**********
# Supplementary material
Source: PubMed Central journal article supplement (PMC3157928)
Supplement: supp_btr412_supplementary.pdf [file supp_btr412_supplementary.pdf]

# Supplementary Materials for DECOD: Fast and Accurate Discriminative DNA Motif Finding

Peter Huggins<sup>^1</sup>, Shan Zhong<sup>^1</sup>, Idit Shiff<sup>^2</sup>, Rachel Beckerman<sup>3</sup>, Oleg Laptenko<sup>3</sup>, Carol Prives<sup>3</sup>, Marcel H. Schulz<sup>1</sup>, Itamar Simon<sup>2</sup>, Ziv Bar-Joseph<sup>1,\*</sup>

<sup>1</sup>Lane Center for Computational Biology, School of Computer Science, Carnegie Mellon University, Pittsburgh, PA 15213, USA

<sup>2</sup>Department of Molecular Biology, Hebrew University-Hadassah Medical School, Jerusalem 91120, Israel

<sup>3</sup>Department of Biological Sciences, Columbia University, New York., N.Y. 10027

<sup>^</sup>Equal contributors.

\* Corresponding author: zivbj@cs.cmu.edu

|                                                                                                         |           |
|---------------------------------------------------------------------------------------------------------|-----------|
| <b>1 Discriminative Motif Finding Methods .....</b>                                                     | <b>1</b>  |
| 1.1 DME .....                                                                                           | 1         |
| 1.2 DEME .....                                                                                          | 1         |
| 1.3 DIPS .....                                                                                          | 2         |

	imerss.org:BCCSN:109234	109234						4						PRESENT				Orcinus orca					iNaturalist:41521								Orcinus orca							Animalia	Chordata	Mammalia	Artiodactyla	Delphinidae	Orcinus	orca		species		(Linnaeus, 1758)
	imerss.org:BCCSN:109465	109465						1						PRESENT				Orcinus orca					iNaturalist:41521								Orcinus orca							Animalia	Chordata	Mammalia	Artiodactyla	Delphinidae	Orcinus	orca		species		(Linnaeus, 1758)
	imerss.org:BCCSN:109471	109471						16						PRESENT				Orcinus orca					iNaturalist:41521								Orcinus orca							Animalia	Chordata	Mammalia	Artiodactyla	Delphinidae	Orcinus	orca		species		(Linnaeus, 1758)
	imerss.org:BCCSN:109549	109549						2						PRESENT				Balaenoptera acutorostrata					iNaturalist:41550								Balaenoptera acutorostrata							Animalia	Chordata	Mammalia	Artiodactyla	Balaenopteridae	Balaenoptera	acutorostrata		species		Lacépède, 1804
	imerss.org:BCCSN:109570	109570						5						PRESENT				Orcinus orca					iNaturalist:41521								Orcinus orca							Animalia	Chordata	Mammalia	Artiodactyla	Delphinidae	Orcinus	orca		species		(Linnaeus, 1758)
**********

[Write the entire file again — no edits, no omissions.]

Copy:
# Supplementary material
Source: PubMed Central journal article supplement (PMC3157928)
Supplement: supp_btr412_supplementary.pdf [file supp_btr412_supplementary.pdf]

# Supplementary Materials for DECOD: Fast and Accurate Discriminative DNA Motif Finding

Peter Huggins<sup>^1</sup>, Shan Zhong<sup>^1</sup>, Idit Shiff<sup>^2</sup>, Rachel Beckerman<sup>3</sup>, Oleg Laptenko<sup>3</sup>, Carol Prives<sup>3</sup>, Marcel H. Schulz<sup>1</sup>, Itamar Simon<sup>2</sup>, Ziv Bar-Joseph<sup>1,\*</sup>

<sup>1</sup>Lane Center for Computational Biology, School of Computer Science, Carnegie Mellon University, Pittsburgh, PA 15213, USA

<sup>2</sup>Department of Molecular Biology, Hebrew University-Hadassah Medical School, Jerusalem 91120, Israel

<sup>3</sup>Department of Biological Sciences, Columbia University, New York., N.Y. 10027

<sup>^</sup>Equal contributors.

\* Corresponding author: zivbj@cs.cmu.edu

|                                                                                                         |           |
|---------------------------------------------------------------------------------------------------------|-----------|
| <b>1 Discriminative Motif Finding Methods .....</b>                                                     | <b>1</b>  |
| 1.1 DME .....                                                                                           | 1         |
| 1.2 DEME .....                                                                                          | 1         |
| 1.3 DIPS .....                                                                                          | 2         |

	imerss.org:BCCSN:109234	109234						4						PRESENT				Orcinus orca					iNaturalist:41521								Orcinus orca							Animalia	Chordata	Mammalia	Artiodactyla	Delphinidae	Orcinus	orca		species		(Linnaeus, 1758)
	imerss.org:BCCSN:109465	109465						1						PRESENT				Orcinus orca					iNaturalist:41521								Orcinus orca							Animalia	Chordata	Mammalia	Artiodactyla	Delphinidae	Orcinus	orca		species		(Linnaeus, 1758)
	imerss.org:BCCSN:109471	109471						16						PRESENT				Orcinus orca					iNaturalist:41521								Orcinus orca							Animalia	Chordata	Mammalia	Artiodactyla	Delphinidae	Orcinus	orca		species		(Linnaeus, 1758)
	imerss.org:BCCSN:109549	109549						2						PRESENT				Balaenoptera acutorostrata					iNaturalist:41550								Balaenoptera acutorostrata							Animalia	Chordata	Mammalia	Artiodactyla	Balaenopteridae	Balaenoptera	acutorostrata		species		Lacépède, 1804
	imerss.org:BCCSN:109570	109570						5						PRESENT				Orcinus orca					iNaturalist:41521								Orcinus orca							Animalia	Chordata	Mammalia	Artiodactyla	Delphinidae	Orcinus	orca		species		(Linnaeus, 1758)